2011 Volume 45 Issue 6 Pages 473-482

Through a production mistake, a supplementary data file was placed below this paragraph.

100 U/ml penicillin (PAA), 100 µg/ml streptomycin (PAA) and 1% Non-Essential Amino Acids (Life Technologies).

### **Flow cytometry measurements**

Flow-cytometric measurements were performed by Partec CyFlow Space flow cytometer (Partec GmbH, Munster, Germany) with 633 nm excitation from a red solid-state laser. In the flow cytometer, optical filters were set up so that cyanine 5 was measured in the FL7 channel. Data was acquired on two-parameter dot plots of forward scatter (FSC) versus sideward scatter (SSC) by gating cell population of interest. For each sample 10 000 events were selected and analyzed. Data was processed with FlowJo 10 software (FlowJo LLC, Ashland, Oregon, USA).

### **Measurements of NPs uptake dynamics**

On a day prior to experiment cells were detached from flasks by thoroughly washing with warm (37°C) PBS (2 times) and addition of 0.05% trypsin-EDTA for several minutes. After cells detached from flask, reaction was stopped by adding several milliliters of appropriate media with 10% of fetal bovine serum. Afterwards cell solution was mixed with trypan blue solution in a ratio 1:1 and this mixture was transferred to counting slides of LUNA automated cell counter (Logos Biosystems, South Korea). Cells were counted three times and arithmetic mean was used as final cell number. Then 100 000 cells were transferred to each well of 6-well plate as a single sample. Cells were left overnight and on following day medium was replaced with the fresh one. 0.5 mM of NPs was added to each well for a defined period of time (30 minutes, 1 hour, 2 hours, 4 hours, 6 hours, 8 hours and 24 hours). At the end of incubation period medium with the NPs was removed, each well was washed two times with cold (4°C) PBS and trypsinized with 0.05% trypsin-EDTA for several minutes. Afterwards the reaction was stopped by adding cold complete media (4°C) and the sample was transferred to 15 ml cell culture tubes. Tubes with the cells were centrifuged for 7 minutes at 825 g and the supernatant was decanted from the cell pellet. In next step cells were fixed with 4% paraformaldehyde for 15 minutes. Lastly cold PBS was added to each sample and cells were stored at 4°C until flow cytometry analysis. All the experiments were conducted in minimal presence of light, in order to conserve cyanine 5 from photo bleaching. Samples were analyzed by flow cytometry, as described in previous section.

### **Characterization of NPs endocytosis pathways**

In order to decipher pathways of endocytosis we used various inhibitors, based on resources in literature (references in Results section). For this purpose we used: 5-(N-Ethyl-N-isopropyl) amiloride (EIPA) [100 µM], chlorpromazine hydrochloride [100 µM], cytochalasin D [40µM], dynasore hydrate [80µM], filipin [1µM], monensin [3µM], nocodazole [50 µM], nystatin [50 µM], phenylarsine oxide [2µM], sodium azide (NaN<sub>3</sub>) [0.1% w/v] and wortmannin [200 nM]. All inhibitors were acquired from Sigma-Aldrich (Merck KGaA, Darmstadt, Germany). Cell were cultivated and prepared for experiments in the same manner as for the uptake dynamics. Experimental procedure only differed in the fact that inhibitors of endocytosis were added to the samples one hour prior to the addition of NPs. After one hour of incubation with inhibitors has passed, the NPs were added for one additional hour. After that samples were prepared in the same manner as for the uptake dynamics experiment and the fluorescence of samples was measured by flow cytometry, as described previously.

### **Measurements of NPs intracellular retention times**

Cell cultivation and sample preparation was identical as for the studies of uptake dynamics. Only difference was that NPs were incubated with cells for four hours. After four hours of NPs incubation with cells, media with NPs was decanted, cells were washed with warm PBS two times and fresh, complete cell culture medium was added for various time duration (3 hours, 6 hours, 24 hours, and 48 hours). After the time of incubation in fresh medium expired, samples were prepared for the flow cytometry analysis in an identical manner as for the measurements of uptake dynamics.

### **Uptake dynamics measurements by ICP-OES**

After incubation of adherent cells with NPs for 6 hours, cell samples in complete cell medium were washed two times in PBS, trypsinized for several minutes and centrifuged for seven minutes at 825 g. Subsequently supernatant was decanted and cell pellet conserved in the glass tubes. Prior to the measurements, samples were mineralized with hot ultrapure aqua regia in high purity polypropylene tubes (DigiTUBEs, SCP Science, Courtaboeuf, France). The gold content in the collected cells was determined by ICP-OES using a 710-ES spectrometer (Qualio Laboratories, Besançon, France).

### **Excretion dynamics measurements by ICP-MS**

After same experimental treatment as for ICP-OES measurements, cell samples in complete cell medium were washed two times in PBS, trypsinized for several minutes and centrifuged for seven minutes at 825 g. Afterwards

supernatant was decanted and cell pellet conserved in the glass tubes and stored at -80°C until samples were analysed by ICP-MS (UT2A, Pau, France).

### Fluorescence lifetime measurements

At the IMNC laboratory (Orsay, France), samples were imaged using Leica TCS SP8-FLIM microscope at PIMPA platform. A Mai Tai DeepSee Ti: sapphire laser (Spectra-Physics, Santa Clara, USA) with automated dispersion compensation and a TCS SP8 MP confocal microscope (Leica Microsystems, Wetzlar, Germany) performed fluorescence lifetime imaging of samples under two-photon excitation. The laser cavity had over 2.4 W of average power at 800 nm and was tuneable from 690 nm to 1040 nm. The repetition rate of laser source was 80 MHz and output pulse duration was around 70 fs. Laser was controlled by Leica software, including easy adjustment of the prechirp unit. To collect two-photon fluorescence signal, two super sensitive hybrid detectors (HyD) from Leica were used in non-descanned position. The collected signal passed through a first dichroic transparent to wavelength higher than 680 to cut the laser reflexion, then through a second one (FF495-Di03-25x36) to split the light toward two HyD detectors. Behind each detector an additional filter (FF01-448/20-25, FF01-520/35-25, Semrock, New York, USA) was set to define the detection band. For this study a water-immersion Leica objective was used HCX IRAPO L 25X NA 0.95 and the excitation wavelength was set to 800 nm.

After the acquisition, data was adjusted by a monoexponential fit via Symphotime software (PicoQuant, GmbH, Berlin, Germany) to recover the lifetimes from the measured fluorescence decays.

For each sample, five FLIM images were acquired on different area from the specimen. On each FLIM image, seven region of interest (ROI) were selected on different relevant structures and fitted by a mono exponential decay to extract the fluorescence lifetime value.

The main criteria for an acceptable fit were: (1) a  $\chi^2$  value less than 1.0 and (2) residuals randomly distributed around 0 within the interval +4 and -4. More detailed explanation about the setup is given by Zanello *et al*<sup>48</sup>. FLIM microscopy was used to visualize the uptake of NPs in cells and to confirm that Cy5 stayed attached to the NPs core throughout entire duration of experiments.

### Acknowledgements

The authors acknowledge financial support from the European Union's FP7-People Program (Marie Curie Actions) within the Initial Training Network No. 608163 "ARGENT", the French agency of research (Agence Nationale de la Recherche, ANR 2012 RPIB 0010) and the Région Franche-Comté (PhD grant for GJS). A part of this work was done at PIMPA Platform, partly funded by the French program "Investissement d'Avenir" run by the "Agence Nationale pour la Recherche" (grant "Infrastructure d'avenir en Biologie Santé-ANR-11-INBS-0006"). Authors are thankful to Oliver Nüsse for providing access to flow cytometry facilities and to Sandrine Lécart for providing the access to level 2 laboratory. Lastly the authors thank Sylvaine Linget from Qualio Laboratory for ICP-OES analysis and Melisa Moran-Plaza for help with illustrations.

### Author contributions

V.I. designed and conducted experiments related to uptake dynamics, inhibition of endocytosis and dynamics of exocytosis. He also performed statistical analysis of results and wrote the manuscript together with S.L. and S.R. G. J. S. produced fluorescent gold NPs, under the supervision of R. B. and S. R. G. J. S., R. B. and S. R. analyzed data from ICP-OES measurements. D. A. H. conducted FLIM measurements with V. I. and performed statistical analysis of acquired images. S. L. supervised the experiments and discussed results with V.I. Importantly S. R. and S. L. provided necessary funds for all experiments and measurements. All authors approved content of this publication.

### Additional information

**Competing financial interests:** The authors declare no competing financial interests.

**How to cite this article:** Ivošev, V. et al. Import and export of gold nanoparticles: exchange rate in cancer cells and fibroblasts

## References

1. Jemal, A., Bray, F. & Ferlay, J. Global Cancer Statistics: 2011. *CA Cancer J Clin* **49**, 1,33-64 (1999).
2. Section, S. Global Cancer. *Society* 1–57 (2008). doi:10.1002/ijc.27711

Radon has continuously been monitored at the Roman spring of Tiberias, Israel since 2000 in the frame of an earthquake research project. However, there was no apparent earthquake related radon anomaly in 5 years of monitoring. Physical mechanisms behind periodic as well as transient radon variations were investigated. The radon signal contained periodic daily and non-periodic multi-day variations as well as seasonal patterns with maxima during winter. Spectral analysis showed diurnal and semidiurnal periodic constituents while tidal effects were absent. In 2003 the long-term average radon concentration dropped by 35%. Coevally, the diurnal and semi-diurnal radon variability considerably decreased. In contrast, the intensity of large-scale signals, corresponding to multi-day radon variability, increased. At this stage the level of the Kinneret Lake is suspected to be the driving force for the radon drop. Until 2003 the lake level hovered around –214 m below sea-level. In spring 2003 the lake level had risen by 4 m. The distance between the monitoring station and the lake shore is about 50 m. The radon concentration inversely followed the lake level with a time delay of about 3 months. Radon measured at a natural hot spring should depend on the flow rate of the hot water rising on the border faults of the pull-apart basin. Increased flow means less time for radon to decay and thus a positive correlation between the flow rate and the radon concentration is expected. Flow velocity is controlled by (i) the pressure at depth, and (ii) the fracture width. Both are affected by the loading forces of the graben filling to which the water column of the lake contributes. Due to the lack of data about the mass flow rates from the spring, a direct link between the flow rate and the radon concentrations cannot be proven. In fact, the hot water discharge seemed to be very stable in time. So, either minor changes of the flow rate affect the radon concentration or another mechanism is needed to explain the observations, e.g., the pressure-dependent gas solubility or the pressure-dependent mixing of different groundwater components. Nevertheless, this does not explain the appearance of long-periodic, intra-seasonal radon signals (with periods in the order of 1 month) which were practically absent before 2003. Such long-periodic radon signals were not reported till today.